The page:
The people we met were overwhelmingly positive and forward looking, and never giving up in their work keeping Tibetan culture alive.
I felt very touched by how so many people we met thanked me for my work speaking out about Tibet in our parliament.
But we as Australians, working multilaterally, have to do more. The UN special rapporteurs have just issued hard-hitting reports on the Chinese Government boarding schools and on forced labour. The very minimum which is required is for regular unimpeded visits from international human rights observers to Tibet.
The other main ask that the Tibetans in exile have is for the world to recognise Tibet as an occupied region and an unresolved conflict - not as part of China - and for pressure to be placed on China to come back to the negotiating table. The Chinese Government hasn’t engaged on the issue of Tibet since 2013.
Another critical ask is that the Chinese Government doesn’t interfere with the process for choosing the next Dalai Lama, and that this is done according to Tibetan Buddhist principles and practice. The Chinese Government has already said that they intend to control the process, and they have form in this regard: they kidnapped the 6-year-old Panchen Lama 21 years ago and he hasn’t been seen since.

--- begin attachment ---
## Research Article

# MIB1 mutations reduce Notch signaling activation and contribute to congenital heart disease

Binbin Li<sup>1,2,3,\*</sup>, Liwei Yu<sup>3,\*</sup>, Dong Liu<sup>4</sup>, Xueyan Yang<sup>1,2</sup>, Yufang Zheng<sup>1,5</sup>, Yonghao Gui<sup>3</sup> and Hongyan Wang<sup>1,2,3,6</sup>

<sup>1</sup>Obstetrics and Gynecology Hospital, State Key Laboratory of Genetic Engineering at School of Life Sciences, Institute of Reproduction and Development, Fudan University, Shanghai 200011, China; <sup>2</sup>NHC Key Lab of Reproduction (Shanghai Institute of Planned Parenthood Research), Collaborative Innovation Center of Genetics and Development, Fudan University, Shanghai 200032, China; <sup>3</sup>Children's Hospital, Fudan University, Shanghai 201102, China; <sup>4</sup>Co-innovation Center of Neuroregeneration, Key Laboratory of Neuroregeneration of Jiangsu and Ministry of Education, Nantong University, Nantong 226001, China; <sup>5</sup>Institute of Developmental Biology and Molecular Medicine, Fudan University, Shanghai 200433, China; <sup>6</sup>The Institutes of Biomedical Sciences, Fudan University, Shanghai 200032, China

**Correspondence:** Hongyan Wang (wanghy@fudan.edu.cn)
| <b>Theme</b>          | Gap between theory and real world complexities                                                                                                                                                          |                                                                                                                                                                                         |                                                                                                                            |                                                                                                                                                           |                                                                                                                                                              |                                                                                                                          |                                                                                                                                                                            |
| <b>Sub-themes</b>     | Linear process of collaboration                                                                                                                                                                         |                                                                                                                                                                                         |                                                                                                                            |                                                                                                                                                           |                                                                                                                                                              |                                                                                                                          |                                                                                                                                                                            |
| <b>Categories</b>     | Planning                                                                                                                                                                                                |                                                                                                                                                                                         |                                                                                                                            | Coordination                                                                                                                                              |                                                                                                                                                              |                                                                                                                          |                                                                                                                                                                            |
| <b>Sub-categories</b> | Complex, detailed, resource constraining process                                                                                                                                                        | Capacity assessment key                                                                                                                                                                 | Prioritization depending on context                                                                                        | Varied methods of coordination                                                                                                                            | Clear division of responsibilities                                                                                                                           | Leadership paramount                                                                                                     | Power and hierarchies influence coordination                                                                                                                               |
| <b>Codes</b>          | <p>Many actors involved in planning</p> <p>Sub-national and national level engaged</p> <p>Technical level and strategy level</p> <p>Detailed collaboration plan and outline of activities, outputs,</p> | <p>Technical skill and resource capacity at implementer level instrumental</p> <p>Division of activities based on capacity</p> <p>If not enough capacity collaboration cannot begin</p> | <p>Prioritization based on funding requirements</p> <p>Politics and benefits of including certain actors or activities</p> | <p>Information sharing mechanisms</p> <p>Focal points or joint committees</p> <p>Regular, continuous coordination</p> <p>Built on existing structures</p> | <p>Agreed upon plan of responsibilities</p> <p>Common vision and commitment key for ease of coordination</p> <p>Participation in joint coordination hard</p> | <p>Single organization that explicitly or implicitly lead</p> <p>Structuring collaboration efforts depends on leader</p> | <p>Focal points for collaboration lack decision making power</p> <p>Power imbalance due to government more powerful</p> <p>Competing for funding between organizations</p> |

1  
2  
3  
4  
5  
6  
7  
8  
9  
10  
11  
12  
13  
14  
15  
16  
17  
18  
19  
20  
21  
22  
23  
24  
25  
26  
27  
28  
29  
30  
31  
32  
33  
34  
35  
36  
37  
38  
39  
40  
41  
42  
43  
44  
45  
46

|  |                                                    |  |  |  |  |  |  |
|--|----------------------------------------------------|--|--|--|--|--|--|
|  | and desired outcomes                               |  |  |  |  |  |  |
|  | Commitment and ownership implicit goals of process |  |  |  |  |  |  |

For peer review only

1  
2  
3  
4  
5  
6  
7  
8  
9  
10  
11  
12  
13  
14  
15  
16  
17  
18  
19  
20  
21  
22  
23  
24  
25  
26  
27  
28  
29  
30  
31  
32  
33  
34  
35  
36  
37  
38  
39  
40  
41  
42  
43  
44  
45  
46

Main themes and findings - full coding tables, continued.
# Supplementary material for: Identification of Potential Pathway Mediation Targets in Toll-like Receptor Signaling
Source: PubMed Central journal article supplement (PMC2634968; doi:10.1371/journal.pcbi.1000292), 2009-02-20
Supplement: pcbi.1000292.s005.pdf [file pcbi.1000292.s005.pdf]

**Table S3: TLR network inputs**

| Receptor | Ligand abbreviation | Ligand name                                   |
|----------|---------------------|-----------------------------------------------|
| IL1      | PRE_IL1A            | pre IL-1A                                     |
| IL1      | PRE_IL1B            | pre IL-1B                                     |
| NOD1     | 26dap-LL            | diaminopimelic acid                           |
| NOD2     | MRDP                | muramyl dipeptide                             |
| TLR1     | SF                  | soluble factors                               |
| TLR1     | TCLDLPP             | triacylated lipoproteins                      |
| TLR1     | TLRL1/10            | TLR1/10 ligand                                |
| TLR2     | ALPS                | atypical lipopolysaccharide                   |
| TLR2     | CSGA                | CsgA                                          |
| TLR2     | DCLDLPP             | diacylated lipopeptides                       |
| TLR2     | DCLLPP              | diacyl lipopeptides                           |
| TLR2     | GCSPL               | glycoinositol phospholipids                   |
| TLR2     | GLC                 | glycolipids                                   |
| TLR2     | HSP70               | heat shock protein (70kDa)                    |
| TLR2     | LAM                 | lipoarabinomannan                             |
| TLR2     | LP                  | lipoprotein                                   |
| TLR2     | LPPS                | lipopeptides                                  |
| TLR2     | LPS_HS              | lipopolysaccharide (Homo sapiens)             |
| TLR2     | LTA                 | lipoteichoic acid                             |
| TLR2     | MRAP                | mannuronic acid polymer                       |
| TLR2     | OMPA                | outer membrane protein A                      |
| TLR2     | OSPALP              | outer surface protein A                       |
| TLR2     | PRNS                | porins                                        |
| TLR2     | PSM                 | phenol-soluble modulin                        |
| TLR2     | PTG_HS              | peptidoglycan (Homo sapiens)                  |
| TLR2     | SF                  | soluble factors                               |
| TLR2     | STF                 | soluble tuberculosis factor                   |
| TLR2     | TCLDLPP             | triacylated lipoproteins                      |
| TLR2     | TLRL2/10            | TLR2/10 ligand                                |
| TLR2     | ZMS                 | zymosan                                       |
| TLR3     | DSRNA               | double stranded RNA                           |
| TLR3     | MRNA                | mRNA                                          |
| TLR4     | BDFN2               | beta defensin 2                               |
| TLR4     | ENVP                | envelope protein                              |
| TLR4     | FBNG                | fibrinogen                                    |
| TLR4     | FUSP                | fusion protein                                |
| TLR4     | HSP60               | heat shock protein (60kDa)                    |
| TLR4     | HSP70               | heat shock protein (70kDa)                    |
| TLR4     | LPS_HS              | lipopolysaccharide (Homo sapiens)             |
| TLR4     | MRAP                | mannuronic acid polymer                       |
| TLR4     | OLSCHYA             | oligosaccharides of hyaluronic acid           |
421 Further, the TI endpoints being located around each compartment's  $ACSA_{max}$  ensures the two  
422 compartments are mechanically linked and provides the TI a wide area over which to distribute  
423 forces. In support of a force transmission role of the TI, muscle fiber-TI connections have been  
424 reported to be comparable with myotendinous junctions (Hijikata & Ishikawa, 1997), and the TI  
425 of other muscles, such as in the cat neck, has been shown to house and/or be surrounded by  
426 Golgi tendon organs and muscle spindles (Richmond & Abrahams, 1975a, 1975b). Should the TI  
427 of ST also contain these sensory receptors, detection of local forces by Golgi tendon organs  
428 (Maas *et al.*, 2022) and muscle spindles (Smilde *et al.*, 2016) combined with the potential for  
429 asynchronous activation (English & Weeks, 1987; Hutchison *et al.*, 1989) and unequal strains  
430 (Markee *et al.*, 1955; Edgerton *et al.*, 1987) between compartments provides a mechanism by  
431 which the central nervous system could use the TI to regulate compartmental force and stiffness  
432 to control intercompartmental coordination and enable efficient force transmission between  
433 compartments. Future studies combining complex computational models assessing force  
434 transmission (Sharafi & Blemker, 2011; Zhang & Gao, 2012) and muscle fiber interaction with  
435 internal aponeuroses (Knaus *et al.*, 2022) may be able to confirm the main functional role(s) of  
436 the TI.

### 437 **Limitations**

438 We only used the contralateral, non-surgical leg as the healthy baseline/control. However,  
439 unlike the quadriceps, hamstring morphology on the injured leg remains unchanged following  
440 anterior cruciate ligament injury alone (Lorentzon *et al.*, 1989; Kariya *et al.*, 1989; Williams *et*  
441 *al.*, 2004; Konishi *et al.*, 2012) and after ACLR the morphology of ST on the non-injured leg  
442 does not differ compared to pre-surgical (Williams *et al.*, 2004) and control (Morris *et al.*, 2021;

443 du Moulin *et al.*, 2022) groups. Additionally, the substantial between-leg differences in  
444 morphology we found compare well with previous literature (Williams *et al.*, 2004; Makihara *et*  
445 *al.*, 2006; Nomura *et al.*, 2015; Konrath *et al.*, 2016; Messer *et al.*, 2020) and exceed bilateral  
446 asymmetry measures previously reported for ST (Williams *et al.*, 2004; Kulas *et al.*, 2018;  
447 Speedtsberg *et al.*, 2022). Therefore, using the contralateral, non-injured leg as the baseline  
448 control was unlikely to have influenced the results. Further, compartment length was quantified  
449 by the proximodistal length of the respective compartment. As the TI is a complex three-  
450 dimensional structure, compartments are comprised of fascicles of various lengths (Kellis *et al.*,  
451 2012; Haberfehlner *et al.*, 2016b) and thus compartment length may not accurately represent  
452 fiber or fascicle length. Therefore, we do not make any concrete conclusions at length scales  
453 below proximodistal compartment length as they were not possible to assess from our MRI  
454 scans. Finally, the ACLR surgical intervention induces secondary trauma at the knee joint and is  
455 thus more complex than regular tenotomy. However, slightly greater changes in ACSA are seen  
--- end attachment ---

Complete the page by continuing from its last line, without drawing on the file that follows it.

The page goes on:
In addition to human rights, a key issue we discussed was the environmental damage and water resource capture being done in Tibet, and the impact of climate change on the Tibetan Plateau.
This is the region known as the third pole, because locked up in the snow capped mountains and glaciers is the largest freshwater resource on the planet after the Antarctic, and all of Asia relies on its rivers.
How to achieve a free Tibet is the $64,000 question. How to bring China to the negotiating table? What are the strategies that the world should be pursuing? It’s inextricably entangled with issues of other human rights abuses by the Chinese Government, including of the Uigher population, Hong Kong and democracy and human rights campaigners inside China, and with Chinese expansionism.